In a basic setting, if your band has a PA system with AUX outputs, then you want to take one of these outputs just for you, and then feed that output with what you want to hear. I'm assuming you'll at least be listening to the vocals if that's the only thing going through the PA system, yes?

OTOH, in one of my bands, everything is being fed into the PA system, and I can get a mix of every instrument and the vocals, and combinations of that. This is the ideal situation, because I noticed when I wear my IEMs (Ultimate Ears UE5's), just wearing those effectively seals my ears and I can't hear anything that isn't being fed into the PA to be sent to me. So I often tell bands, if they can afford a decent PA and want to do the in-ear monitoring route, then they ALL have to be on IEM's so they can all get their own monitor mix, and then the on-stage volume goes down, everybody can hear and relax and the audience enjoys the show too.

So just having in-ears isn't the answer. What you're doing with them will determine how far you have to go to make them work for you.
 

DomD

Junior Member
What are you intending to listen to with your IEM's? I think when you determine what that is, then it's very easy to see what you need.

In a basic setting, if your band has a PA system with AUX outputs, then you want to take one of these outputs just for you, and then feed that output with what you want to hear. I'm assuming you'll at least be listening to the vocals if that's the only thing going through the PA system, yes?

OTOH, in one of my bands, everything is being fed into the PA system, and I can get a mix of every instrument and the vocals, and combinations of that. This is the ideal situation, because I noticed when I wear my IEMs (Ultimate Ears UE5's), just wearing those effectively seals my ears and I can't hear anything that isn't being fed into the PA to be sent to me. So I often tell bands, if they can afford a decent PA and want to do the in-ear monitoring route, then they ALL have to be on IEM's so they can all get their own monitor mix, and then the on-stage volume goes down, everybody can hear and relax and the audience enjoys the show too.

So just having in-ears isn't the answer. What you're doing with them will determine how far you have to go to make them work for you.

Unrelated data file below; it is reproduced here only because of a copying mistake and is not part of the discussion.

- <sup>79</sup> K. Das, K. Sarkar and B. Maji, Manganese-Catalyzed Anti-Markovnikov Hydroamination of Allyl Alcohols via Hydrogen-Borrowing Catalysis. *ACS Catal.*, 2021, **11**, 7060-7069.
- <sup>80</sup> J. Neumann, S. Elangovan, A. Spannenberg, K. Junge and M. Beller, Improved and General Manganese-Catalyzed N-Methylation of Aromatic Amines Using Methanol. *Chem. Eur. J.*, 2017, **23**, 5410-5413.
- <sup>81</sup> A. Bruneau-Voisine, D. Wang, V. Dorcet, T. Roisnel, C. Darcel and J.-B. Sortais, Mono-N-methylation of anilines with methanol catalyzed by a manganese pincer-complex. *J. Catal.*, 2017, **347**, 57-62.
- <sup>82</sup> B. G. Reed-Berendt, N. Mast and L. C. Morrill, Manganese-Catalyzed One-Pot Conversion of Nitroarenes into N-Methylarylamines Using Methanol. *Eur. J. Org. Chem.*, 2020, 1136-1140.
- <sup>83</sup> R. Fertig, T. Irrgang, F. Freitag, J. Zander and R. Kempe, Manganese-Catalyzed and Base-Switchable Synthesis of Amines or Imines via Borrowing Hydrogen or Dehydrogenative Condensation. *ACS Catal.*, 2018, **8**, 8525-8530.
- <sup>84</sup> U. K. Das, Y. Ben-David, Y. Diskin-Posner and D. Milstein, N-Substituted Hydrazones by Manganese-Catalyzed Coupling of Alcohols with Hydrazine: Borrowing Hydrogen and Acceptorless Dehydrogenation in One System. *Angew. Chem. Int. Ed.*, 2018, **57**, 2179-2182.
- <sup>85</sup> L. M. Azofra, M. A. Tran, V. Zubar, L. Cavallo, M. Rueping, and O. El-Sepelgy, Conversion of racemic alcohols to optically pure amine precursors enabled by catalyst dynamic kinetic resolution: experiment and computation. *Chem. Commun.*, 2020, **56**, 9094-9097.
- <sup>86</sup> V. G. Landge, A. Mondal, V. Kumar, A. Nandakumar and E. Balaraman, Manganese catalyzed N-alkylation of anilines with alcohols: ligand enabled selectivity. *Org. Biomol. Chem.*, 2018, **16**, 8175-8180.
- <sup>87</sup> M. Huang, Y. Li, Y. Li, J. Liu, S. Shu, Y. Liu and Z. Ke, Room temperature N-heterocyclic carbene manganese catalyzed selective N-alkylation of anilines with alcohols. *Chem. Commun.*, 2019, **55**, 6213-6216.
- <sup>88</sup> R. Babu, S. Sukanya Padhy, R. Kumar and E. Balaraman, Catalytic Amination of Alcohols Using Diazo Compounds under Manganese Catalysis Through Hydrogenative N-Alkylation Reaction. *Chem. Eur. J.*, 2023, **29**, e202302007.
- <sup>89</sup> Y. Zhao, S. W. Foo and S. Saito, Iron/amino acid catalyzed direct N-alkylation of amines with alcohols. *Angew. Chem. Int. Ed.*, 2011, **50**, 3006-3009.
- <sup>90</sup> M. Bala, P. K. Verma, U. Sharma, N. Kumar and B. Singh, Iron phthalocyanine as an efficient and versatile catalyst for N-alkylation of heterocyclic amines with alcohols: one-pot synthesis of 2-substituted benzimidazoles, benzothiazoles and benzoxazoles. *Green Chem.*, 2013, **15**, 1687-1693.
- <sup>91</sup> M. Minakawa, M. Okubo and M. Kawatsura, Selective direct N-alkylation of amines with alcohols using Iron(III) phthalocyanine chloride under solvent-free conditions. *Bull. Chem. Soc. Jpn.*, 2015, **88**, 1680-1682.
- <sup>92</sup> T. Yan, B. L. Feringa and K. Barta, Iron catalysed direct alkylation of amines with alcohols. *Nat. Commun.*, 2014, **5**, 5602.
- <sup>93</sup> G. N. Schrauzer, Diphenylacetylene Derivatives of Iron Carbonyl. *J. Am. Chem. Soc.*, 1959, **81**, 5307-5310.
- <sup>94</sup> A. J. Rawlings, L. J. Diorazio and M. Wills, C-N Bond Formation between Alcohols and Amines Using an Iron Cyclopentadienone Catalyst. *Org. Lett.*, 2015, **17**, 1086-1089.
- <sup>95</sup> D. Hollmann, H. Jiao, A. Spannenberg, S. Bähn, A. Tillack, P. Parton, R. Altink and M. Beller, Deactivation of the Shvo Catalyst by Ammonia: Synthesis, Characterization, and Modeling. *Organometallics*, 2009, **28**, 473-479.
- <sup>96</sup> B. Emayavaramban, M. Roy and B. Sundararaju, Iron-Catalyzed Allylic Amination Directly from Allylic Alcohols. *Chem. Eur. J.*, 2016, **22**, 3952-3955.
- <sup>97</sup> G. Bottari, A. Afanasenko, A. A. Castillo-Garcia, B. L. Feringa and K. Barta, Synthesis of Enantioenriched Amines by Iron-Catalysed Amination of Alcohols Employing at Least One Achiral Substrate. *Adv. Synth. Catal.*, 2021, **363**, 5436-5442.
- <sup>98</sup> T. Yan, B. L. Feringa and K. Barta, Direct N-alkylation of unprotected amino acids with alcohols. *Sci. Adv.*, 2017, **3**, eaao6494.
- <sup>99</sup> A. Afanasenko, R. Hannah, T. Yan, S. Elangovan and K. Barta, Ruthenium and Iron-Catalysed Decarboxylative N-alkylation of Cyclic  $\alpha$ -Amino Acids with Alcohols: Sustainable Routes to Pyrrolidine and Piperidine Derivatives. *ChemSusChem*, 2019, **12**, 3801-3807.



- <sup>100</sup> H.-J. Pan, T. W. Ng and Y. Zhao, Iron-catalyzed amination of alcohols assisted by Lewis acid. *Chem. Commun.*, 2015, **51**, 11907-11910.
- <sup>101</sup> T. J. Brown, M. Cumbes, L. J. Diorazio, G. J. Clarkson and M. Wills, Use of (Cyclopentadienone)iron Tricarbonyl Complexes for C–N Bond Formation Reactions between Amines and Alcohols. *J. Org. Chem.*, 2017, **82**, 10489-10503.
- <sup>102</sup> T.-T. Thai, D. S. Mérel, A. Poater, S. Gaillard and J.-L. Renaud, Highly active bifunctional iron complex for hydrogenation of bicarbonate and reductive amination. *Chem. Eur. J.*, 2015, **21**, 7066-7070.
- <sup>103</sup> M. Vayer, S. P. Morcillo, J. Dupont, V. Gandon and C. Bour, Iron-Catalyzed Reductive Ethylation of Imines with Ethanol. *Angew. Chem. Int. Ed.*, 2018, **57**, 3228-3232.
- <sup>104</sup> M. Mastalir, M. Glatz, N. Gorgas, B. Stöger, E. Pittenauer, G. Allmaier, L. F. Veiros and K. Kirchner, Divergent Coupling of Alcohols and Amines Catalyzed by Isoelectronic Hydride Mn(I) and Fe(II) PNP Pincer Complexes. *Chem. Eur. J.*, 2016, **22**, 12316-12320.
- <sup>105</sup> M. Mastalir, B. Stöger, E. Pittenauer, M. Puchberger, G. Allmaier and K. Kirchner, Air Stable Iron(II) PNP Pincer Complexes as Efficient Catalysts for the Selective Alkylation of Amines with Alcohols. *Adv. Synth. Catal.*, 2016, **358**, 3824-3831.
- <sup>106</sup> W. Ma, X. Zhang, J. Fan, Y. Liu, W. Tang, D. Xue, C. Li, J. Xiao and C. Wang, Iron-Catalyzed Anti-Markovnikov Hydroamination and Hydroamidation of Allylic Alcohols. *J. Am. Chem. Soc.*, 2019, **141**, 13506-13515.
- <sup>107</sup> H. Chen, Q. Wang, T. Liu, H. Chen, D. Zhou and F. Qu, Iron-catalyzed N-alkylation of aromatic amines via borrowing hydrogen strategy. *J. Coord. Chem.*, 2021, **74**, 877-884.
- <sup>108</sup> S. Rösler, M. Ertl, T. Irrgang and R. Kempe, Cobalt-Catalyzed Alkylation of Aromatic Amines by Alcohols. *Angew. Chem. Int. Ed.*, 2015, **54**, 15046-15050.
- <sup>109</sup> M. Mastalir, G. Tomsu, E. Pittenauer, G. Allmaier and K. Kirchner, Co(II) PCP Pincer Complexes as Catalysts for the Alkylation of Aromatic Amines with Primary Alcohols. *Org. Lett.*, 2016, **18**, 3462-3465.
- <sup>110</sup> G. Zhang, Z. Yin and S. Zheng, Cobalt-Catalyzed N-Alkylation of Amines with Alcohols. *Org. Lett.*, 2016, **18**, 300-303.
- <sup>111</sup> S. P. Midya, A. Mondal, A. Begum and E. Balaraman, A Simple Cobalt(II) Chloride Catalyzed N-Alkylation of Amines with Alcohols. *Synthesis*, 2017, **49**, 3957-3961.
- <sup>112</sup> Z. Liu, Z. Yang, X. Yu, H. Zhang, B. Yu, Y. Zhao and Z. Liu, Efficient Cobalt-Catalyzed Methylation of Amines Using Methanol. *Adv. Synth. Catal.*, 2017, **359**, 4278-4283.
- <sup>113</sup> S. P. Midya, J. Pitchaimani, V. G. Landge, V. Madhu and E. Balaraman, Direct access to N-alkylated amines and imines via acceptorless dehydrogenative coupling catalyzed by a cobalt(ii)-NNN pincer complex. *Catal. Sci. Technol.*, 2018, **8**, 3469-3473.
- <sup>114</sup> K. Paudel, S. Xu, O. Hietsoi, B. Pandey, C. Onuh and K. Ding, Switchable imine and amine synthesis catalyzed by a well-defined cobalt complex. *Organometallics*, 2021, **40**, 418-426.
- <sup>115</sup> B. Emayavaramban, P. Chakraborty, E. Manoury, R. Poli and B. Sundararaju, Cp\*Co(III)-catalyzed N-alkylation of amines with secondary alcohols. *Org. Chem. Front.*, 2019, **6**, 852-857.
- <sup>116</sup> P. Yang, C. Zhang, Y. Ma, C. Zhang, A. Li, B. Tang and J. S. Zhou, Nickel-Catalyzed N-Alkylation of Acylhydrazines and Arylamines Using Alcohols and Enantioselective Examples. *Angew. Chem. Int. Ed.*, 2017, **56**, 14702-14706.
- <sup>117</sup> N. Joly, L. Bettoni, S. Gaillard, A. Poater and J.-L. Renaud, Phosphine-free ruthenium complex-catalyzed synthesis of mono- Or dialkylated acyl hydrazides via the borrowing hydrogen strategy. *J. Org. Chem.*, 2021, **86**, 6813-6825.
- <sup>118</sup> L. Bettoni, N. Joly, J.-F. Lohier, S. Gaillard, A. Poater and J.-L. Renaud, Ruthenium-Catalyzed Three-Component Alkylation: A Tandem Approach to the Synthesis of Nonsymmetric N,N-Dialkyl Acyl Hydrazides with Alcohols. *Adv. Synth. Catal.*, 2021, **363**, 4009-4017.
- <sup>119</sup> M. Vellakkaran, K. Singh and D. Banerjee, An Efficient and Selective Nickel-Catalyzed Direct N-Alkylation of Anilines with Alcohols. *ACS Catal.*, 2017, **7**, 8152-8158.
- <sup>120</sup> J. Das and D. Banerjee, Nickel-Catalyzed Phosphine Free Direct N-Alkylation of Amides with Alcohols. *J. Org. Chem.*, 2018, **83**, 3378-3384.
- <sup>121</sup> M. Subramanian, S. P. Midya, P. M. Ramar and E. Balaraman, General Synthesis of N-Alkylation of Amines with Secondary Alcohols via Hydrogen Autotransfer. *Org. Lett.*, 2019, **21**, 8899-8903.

At the time I need the IEM's for rehearsals, but we are now setting up the PA. We will probably be listening all the instruments throught the PA.
 

DomD

Junior Member
You take the feed directly from the monitor input lead.
...
With all of that said, I also have one of these:


This one DOES have onboard limiting to protect you from volume spikes. It runs one batteries so it's got enough power to bring volume up to a reasonable level for you with a basic on-off/volume knob, it has a belt clip, and it will take either 1/4" or XLR. With that said, you can't feed it a speaker level signal - if your only option is an amplified feed going to a passive floor wedge, you'll need something to take the edge off of that signal. I'm literally going to put velcro on my Behringer and attach it to my ART HeadTap. That will allow me to use whatever signal comes my way. (I should mention that part of the reason I needed flexibilty and carry a number of adpaters with me is because for a while, I was bouncing around, subbing at various churches, and every PA/Monitoring setup was different.)
What about this amplified feed going to a passive floor wedge. Is that a 3rd scenario?
 

trickg

Silver Member
What about this amplified feed going to a passive floor wedge. Is that a 3rd scenario?
That's exactly what the ART HeadTap is designed for - it takes the amplified feed and attenuates it down to either a line-level or headphone level signal - you can choose. You also have a volume control knob so that you can use it for monitoring. The only downside to The ART HeadTap is that it doesn't have an onboard limiter. It doesn't have to be an amplified feed either - a line-level feed will get passed through so that you have volume control with the volume knob.